Story vs. plot—is there a true distinction, and is it material? And if so, who cares? I see a distinction, and I think it is material, but this is territory over which you can have some real arguments.
To me, a narrative’s story is the universal psychological and emotional human unfolding that the characters are living between the novel’s covers. It is generally not specifics-dependent, while the plot brings it to life, turning a story into that story through details of setting, time, place, even cause-and-effect, and so on. A plot can be re-shaped via its details, while the human story underlying it remains the same. Common analogies: The plot is the flesh set on the bones of the story. The story is the characters’ journey, and the plot is their vehicle.
We can see a close parallel to this in the difference between plot-driven and character-driven fiction. In the former, the hero/protagonist doesn’t usually change in the course of the narrative. “Bond, James Bond” is still Bond at the end of Dr. No. Huck Finn, though, and Leopold Bloom are changed by the crises of Huckleberry Finn and Ulysses respectively. While unsophisticated, this analysis is reflected in enormous bodies of successful fiction on both sides of the PD/CD divide.
And where is the parallel with plot vs. story? Fleming’s plot-driven fiction gives you a rousing plot, colorful action, but little that makes James Bond into a different person, while Joyce and Twain give you many-leaved, enthralling (character-driven) stories of human joy, pathos, irony, humor, and passion for their actors to live out. On the other hand, the plots for Huckleberry Finn and Ulysses are a series of events that allow those stories to unfold and be revealed.
Elaborating on the distinction: The story of Huckleberry Finn (as with many great novels) can be seen many ways. Is it a near-biblical or Homeric saga of two characters, heterogeneous in age, race, status, and freedom, who are escaping the bonds of society for an unknown world of danger and adventure? Is it a coming-of-age, first-person narrative by an ingenuous if clever boy accompanied by a devoted, protective, but endangered older companion? What are their quests? What are their challenges?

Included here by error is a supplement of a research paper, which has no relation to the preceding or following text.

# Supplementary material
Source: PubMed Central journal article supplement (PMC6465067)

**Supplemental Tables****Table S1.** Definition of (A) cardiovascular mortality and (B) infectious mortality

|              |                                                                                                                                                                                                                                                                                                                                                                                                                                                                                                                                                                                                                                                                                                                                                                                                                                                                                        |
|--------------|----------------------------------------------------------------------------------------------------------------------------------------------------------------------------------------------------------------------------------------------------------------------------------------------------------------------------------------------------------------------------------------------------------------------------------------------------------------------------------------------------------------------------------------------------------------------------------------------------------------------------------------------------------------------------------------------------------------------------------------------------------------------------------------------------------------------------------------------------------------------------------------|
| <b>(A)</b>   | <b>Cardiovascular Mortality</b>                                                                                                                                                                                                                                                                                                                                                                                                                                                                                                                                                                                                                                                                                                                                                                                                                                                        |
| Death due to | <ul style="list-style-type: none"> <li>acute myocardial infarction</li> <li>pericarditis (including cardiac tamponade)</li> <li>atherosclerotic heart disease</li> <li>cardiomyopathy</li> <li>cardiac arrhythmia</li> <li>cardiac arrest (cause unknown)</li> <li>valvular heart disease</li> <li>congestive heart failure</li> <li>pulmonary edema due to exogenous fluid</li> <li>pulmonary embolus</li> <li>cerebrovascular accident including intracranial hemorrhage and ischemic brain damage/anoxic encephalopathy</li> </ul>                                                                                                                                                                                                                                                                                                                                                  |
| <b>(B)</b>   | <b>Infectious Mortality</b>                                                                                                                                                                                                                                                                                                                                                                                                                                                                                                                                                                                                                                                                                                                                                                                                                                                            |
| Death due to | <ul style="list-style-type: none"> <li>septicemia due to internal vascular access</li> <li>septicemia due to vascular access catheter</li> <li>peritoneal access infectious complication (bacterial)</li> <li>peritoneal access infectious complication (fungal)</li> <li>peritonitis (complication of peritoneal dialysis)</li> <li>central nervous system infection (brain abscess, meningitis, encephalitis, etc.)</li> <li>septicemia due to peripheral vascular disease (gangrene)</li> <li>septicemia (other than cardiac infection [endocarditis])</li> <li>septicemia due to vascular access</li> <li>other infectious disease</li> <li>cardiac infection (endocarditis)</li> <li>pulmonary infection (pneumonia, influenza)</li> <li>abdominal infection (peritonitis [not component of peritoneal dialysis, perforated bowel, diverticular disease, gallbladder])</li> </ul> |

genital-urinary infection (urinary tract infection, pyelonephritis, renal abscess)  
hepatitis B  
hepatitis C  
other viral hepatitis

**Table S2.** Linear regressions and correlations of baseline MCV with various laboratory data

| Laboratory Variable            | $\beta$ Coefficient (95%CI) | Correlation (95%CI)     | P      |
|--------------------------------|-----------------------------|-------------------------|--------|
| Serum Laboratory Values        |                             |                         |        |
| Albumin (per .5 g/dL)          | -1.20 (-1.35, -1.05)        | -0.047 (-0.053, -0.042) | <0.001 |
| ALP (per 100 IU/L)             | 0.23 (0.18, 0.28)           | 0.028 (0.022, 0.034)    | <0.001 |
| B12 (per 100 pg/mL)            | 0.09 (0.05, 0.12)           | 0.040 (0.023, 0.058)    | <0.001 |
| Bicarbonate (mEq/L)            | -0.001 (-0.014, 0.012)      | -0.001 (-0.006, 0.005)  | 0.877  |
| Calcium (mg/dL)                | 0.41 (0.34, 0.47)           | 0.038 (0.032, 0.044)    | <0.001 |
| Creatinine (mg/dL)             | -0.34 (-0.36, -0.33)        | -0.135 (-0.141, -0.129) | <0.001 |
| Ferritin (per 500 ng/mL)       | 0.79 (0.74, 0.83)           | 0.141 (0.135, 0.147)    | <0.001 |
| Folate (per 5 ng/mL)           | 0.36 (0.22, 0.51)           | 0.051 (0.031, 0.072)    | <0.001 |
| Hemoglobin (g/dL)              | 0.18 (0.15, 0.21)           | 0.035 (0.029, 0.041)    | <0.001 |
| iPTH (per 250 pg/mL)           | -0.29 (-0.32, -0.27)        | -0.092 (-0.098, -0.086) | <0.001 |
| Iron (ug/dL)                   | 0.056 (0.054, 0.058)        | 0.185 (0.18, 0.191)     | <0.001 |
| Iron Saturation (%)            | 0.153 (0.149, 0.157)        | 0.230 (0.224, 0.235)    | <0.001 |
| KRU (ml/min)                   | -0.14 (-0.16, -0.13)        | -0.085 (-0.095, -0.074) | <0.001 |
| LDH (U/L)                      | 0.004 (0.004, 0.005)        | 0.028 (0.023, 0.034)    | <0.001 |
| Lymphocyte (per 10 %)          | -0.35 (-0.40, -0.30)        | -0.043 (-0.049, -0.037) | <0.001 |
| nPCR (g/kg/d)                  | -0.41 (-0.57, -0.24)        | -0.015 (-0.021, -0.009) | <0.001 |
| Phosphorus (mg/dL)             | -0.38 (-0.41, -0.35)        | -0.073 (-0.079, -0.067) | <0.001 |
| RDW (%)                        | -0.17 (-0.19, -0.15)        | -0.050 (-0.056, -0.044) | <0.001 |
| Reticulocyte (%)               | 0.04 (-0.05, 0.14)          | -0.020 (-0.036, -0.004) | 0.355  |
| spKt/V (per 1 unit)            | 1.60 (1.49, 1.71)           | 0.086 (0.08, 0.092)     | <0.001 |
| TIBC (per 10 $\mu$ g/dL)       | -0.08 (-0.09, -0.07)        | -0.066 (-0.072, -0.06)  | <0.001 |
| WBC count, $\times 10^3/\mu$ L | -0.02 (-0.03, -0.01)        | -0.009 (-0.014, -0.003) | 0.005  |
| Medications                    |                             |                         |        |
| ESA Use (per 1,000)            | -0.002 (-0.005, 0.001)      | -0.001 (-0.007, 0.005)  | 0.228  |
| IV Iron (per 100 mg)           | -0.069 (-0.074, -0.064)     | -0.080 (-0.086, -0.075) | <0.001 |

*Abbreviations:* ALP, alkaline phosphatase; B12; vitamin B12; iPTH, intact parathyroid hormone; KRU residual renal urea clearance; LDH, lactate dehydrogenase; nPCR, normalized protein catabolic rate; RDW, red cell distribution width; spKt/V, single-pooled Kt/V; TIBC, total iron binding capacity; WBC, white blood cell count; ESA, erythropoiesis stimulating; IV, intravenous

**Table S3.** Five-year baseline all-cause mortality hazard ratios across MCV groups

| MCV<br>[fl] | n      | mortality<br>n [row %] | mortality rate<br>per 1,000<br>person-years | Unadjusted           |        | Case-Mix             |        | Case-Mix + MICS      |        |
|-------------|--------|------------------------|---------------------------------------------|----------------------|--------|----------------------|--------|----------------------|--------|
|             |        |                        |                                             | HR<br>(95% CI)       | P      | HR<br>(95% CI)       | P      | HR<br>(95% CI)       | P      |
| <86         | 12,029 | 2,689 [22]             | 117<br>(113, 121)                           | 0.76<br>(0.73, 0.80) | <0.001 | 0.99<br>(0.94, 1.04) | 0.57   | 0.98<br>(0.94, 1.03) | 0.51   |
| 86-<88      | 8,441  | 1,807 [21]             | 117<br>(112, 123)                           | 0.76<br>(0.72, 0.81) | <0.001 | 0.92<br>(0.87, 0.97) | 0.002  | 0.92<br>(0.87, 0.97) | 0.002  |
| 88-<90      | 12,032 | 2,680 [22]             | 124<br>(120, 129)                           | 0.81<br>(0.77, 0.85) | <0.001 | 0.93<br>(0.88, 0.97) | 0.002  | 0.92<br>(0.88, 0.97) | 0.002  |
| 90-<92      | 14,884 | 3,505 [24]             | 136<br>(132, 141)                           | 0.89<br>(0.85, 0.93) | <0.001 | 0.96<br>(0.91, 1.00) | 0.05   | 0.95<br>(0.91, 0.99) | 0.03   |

The mini-plots, if you will, are a collection of shore- and water-borne adventures that the boy and the man run up against from Hannibal, Missouri to Arkansas and beyond. While Huck and Jim don’t change much from these small plot encounters, they change markedly from the totality of those episodes and in the outcome of their human story. In further examples: There is a large and material story to The Grapes of Wrath that far overshadows the plot. Elmore Leonard’s plots outweigh his stories, as do John Grisham’s. John Irving, in A Son of the Circus, gives us both Daruwalla’s complex story as well as a rich plot in the Ganesh-cult murders.
Story is important to me, but the plot has to feel right, too. I try not to steer either of them too hard, or make one dominant, but let them become functions of the characters’ choices and actions. My next blogpost will look at this discussion re: my own work.